def load(self):
my_shelve = shelve.open('data22.db')
data = my_shelve['dd']
my_shelve.close()

print(data)


d = Dog()
d.save()
d.load()


I'm using python 3.2.2.
 
I

Ian Kelly

But I cannot get a class that inherits from collections.defaultdict to
shelve itself:


import collections as c
import shelve

class Dog(c.defaultdict):
   def __init__(self):
       super().__init__(int, Joe=0)
       print('****', self)

   def save(self):
       my_shelve = shelve.open('data22.shelve')
       my_shelve['dd'] = self
       my_shelve.close()

   def load(self):
       my_shelve = shelve.open('data22.shelve')
       data = my_shelve['dd']
       my_shelve.close()

       print(data)


d = Dog()
d.save()
d.load()

--output:--

**** defaultdict(<class 'int'>, {'Joe': 30})
Traceback (most recent call last):
 File "/Library/Frameworks/Python.framework/Versions/3.2/lib/
python3.2/shelve.py", line 111, in __getitem__
   value = self.cache[key]
KeyError: 'dd'

During handling of the above exception, another exception occurred:

Traceback (most recent call last):
 File "3.py", line 95, in <module>
   d.load()
 File "3.py", line 87, in load
   data = my_shelve['dd']
 File "/Library/Frameworks/Python.framework/Versions/3.2/lib/
python3.2/shelve.py", line 114, in __getitem__
   value = Unpickler(f).load()
TypeError: __init__() takes exactly 1 positional argument (2 given)



I deleted all *.shelve.db files between program runs.  I can't figure
out what I'm doing wrong.

The problem is that defaultdict defines a custom __reduce__ method
which is used by the pickle protocol to determine how the object
should be reconstructed. It uses this to reconstruct the defaultdict
with the same default factory, by calling the type with a single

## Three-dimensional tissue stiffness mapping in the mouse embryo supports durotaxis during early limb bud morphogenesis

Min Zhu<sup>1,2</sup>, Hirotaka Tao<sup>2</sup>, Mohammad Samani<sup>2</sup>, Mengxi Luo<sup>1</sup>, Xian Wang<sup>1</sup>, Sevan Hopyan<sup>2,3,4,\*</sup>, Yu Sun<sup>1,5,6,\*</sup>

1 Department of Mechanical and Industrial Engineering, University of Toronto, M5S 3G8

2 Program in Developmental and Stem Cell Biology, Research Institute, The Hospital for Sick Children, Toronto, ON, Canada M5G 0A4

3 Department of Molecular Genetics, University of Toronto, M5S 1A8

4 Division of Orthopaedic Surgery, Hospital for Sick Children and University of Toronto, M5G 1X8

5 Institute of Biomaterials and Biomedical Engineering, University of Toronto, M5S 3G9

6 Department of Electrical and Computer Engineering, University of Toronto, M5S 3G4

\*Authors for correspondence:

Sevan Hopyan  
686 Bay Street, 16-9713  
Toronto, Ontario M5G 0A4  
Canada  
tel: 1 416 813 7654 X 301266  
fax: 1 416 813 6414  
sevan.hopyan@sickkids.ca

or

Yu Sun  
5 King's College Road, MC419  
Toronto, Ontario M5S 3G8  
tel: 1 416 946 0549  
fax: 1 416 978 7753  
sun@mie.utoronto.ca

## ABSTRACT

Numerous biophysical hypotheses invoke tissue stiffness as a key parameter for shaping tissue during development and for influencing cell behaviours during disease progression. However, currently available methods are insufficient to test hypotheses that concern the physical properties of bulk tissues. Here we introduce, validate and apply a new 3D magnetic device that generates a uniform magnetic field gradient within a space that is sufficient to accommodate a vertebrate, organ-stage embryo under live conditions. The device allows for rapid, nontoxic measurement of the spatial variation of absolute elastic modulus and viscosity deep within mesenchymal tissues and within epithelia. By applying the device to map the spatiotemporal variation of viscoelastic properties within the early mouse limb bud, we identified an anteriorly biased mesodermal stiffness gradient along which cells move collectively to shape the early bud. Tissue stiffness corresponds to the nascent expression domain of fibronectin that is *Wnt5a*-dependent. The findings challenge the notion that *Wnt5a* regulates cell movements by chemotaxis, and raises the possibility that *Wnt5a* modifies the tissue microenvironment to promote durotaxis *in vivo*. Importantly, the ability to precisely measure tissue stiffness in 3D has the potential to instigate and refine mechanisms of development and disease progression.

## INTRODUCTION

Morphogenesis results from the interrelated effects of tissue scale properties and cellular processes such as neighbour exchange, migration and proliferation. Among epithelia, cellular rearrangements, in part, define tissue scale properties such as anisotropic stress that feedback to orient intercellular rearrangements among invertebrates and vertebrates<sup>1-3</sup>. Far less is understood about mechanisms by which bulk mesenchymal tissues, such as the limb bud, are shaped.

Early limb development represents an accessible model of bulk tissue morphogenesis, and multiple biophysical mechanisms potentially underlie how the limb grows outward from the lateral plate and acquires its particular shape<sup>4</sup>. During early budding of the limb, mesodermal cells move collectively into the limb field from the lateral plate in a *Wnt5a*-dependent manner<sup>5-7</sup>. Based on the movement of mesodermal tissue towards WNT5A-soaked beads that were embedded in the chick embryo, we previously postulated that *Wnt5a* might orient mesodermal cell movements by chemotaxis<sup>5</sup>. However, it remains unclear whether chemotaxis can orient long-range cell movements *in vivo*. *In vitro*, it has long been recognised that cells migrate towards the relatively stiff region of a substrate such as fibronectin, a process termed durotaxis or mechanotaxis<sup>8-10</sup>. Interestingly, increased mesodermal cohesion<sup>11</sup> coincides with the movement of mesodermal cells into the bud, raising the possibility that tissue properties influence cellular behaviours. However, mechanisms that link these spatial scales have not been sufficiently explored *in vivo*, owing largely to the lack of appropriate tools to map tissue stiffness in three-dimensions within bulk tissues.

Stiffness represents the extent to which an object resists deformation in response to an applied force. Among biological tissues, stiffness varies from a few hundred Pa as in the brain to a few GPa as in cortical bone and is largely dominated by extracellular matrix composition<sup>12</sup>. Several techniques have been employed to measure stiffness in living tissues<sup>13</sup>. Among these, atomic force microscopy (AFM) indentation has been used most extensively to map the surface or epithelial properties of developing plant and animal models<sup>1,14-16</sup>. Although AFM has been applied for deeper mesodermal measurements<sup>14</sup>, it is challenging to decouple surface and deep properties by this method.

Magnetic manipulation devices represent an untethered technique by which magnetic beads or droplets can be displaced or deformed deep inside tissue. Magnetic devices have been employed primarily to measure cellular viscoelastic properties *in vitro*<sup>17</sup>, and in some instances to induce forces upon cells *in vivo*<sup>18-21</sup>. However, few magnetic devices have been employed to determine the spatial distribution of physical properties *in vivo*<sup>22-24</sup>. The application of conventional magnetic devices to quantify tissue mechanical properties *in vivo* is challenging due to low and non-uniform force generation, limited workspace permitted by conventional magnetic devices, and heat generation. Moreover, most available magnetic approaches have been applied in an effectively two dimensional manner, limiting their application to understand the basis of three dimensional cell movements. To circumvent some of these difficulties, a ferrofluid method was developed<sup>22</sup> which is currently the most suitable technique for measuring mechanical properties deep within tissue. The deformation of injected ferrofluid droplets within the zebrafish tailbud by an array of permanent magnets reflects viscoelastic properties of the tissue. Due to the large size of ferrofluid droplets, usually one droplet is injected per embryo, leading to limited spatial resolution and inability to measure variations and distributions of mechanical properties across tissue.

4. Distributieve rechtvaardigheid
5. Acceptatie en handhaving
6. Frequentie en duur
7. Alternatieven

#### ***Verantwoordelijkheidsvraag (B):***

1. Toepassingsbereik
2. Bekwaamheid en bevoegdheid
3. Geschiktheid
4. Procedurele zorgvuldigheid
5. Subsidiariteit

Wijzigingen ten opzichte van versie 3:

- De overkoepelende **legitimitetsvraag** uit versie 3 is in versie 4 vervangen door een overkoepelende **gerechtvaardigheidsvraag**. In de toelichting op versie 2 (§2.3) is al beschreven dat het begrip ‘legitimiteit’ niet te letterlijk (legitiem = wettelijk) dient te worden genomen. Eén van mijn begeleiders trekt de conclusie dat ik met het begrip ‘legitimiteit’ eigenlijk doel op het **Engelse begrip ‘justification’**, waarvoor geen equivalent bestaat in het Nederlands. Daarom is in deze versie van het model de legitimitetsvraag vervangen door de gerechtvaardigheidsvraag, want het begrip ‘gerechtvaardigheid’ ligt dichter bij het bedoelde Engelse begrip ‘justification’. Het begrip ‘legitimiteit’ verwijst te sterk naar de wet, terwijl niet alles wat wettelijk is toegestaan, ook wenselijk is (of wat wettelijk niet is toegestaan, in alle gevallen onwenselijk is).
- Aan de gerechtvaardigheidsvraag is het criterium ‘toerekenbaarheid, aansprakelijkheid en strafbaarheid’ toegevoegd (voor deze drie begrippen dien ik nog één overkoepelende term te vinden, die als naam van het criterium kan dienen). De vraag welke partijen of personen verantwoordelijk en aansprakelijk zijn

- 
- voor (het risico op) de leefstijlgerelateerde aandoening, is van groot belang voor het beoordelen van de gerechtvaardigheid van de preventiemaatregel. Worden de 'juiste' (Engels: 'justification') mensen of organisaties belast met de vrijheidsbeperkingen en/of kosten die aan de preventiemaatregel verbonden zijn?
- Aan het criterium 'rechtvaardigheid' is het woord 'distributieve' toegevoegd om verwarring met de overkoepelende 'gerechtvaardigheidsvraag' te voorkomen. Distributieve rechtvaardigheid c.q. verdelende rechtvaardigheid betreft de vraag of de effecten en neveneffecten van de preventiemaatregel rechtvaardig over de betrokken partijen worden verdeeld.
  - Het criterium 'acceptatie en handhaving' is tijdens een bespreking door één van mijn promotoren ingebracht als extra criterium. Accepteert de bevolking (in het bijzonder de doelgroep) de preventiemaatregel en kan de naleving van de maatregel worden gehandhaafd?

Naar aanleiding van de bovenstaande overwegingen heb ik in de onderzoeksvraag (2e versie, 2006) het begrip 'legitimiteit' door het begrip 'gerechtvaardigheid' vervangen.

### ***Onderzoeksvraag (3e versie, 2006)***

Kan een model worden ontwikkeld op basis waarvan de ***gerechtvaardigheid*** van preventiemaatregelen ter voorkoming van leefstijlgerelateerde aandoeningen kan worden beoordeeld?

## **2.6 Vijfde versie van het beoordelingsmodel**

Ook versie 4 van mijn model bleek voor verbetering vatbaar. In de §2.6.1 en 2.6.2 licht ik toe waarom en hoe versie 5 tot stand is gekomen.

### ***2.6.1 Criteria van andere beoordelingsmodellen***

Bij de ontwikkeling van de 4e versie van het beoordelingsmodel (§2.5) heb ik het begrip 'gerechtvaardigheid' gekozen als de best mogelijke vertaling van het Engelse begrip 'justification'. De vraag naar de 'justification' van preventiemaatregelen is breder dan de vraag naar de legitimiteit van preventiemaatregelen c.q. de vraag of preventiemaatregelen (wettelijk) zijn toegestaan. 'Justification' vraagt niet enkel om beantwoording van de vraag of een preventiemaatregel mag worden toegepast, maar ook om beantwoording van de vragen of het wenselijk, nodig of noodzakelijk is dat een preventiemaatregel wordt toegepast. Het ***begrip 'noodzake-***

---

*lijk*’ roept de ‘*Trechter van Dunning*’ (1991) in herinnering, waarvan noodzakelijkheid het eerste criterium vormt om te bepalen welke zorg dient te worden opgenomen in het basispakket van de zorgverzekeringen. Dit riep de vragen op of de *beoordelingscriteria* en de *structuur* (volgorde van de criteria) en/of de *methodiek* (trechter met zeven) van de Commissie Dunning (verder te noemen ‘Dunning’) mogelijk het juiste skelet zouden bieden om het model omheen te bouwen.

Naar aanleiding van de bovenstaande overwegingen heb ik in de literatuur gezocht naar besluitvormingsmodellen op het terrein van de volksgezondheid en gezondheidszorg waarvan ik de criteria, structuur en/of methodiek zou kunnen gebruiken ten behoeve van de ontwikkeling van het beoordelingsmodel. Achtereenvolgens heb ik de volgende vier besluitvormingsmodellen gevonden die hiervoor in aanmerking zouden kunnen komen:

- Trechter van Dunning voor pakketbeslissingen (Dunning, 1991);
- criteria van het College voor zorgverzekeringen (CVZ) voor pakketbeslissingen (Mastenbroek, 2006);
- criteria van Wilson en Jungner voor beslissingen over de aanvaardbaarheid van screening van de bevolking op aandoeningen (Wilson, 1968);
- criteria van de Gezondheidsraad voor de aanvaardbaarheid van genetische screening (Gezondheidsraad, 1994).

argument of the default factory. Since your subclass's __init__
method takes no arguments, this results in the error you see.

There are a couple of ways you could fix this. The first would be to
change the signature of the __init__ method to take an optional
argument accepting the default factory instead of hard-coding it, like
this:

def __init__(self, default_factory=int):
super().__init__(default_factory, Joe=0)

The other would be to just fix the __reduce__ method to not pass the
default factory to your initializer, since it is hard-coded. That
would look like this:

def __reduce__(self):
return (type(self), ())

Cheers,
Ian
 
I

Ian Kelly

The problem is that defaultdict defines a custom __reduce__ method
which is used by the pickle protocol to determine how the object
should be reconstructed.  It uses this to reconstruct the defaultdict
with the same default factory, by calling the type with a single
argument of the default factory.  Since your subclass's __init__
method takes no arguments, this results in the error you see.

There are a couple of ways you could fix this.  The first would be to
change the signature of the __init__ method to take an optional
argument accepting the default factory instead of hard-coding it, like
this:

   def __init__(self, default_factory=int):
       super().__init__(default_factory, Joe=0)

The other would be to just fix the __reduce__ method to not pass the
default factory to your initializer, since it is hard-coded.  That
would look like this:

   def __reduce__(self):
       return (type(self), ())

It occurs to me that there's also an option 3: you don't really need a
defaultdict to do what you're trying to do here. You just need a dict
with a custom __missing__ method. That could look something like
this:

class Dog(dict):

def __missing__(self):
return 0

And then you don't have to worry about the weird pickle behavior of
defaultdict at all.

Cheers,
Ian
 
I

Ian Kelly

class Dog(dict):

   def __missing__(self):
       return 0

Sorry, that should have been:

class Dog(dict):

def __missing__(self, key):
return 0

Cheers,
Ian